Reading this book initially, I was surprised to find it was a work of historical fiction. The late Cultural Revolution, to be precise. When I worked at New York Public Library I had a Chinese co-worker who truly disliked the Cultural Revolution. Not because of what it did to her family personally, but because every single time a new children’s book came out on the topic she’d be asked to vet it. She pointed out, rightly, that when it comes to middle grade children’s fiction, the books about China that aren’t outright myths and folktales are always about The Cultural Revolution. I don’t work with her directly anymore, but I hope that when they hand her Bronze and Sunflower (as they are certain to do) she enjoys it as much as she did Little White Duck by Na Liu. That was a book where she was overjoyed to discover moments from her childhood never before seen in an American book for kids. Of course Little White Duck, like Bronze and Sunflower is about a city girl who goes to the country. The difference lies in the fact that Na Liu is terrified by what she finds there, while Sunflower is completely and utterly enthralled and never wants to leave. You can see where Sunflower is coming from too.
I would give 3.5 of my eyeteeth to know how kids react to this book here in the States. I think the storyline lures them in immediately. Honestly, I felt like there were a lot of similarities here to the Birchbark House or Little House books in terms of a family working with and against nature in order to survive. Kids who like those books could find a lot to love in this one. They’ll bond with the characters and then reach that ending that lends itself to a lot of discussion. Ideal for bookclubs, this is one of the finest translations I’ve ever encountered and undeniably the best Chinese middle grade novel I’ve ever read. In a world where every other children’s book begins to resemble its fellows, Bronze and Sunflower stands out from the crowd. The world loves it, after all. Who are we to disagree?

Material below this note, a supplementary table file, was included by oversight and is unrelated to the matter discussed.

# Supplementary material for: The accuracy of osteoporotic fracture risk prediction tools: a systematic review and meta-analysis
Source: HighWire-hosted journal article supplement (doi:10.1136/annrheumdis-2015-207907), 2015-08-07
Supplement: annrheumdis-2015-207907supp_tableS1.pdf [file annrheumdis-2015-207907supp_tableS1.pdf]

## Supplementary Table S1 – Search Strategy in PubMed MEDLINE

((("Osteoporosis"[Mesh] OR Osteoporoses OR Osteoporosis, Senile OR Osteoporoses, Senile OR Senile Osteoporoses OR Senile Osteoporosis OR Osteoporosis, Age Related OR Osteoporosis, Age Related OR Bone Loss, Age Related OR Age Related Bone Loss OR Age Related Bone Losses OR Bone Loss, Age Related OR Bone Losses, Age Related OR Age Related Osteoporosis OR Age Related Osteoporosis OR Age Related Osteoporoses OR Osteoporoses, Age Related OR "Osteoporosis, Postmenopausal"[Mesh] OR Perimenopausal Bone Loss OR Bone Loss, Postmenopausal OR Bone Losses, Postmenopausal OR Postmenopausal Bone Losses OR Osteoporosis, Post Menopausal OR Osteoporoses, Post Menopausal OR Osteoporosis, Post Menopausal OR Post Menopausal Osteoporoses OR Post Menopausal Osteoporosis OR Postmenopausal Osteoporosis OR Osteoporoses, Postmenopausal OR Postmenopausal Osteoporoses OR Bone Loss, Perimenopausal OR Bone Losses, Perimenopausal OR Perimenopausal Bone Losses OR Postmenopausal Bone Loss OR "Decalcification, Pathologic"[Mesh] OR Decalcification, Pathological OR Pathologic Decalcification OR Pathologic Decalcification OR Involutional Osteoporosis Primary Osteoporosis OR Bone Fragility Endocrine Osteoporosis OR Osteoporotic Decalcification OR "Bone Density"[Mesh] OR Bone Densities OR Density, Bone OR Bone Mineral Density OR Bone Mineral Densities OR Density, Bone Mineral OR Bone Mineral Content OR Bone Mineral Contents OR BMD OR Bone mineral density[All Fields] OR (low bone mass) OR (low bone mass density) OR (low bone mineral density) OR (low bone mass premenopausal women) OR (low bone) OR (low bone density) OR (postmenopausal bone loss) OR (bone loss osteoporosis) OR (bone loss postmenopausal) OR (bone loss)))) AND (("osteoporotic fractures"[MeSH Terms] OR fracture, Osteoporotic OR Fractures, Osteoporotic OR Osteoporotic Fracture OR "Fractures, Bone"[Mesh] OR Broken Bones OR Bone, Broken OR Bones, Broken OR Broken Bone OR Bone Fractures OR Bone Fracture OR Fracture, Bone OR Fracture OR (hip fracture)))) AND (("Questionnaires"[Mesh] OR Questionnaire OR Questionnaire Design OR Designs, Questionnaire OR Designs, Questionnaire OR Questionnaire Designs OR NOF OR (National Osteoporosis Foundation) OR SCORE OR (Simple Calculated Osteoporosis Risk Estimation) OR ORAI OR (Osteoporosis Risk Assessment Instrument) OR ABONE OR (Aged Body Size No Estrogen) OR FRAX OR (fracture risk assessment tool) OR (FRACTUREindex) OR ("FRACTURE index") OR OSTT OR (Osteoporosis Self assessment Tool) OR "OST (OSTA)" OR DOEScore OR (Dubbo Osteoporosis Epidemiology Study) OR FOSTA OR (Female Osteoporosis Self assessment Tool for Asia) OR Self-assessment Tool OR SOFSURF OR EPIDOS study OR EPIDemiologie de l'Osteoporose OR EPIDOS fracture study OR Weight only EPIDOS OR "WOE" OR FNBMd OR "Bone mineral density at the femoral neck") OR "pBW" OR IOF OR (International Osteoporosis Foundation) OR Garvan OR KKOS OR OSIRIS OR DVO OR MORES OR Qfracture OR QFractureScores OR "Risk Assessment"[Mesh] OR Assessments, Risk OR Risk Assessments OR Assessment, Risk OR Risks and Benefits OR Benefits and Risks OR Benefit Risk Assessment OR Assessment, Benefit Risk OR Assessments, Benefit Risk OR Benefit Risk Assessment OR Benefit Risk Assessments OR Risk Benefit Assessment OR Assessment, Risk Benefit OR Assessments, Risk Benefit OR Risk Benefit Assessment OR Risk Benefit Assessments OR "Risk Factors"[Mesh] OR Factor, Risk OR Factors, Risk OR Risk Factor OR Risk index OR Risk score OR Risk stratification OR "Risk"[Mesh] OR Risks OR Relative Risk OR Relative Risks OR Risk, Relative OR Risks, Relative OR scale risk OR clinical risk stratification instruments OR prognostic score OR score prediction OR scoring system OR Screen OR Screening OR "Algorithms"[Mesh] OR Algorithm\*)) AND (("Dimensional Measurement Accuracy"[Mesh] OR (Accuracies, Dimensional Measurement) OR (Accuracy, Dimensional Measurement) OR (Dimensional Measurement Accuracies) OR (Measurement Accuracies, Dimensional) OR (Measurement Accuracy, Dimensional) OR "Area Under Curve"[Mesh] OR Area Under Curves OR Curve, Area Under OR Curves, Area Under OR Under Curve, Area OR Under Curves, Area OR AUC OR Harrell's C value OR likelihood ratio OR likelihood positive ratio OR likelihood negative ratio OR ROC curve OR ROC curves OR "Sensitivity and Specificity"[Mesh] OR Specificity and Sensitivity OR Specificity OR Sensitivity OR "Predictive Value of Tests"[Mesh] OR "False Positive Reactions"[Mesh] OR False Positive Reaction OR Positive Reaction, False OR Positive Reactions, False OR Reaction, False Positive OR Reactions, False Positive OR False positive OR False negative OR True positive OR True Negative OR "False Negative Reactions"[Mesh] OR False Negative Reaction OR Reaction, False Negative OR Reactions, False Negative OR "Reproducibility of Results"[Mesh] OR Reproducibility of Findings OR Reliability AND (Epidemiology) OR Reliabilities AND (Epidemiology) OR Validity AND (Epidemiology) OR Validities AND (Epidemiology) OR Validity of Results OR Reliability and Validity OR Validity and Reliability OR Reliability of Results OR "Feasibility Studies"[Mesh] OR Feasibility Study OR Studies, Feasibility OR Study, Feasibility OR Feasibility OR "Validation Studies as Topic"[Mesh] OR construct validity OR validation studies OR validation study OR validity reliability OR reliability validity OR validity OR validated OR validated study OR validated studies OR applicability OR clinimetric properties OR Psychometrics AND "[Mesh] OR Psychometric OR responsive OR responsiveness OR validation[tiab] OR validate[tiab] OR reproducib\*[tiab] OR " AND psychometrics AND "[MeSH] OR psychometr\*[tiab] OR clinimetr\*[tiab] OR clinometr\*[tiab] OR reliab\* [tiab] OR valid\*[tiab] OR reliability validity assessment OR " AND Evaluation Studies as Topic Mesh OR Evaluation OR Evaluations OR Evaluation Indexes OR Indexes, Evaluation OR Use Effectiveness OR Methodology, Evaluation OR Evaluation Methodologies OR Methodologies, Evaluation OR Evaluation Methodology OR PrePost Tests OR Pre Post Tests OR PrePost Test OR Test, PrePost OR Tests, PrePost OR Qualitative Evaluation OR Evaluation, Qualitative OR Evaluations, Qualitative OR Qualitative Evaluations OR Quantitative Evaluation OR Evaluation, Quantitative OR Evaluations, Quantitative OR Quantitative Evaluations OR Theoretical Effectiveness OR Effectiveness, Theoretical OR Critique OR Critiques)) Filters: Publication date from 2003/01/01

On shelves now.
Source: Final copy sent by publisher for review.
Like This? Then Try:
- Little White Duck by Na Liu
- Secrets of the Terra-Cotta Soldier by Ying Chang Compestine and Vinson Compestine
- Red Scarf Girl by Ji-Li Jiang
You ever get that feeling that the whole world knows something you don’t? Check out this wild and wonderful array of Bronze and Sunflower covers from all over the globe. It may have only just come out here, but plenty of countries knew about this title long before we did. You’ll have to guess the countries, though. I can’t quite identify some of these:
About Betsy Bird
Betsy Bird is currently the Collection Development Manager of the Evanston Public Library system and a former Materials Specialist for New York Public Library. She has served on Newbery, written for Horn Book, and has done other lovely little things that she'd love to tell you about but that she's sure you'd find more interesting to hear of in person. Her opinions are her own and do not reflect those of EPL, SLJ, or any of the other acronyms you might be able to name. Follow her on Twitter: @fuseeight.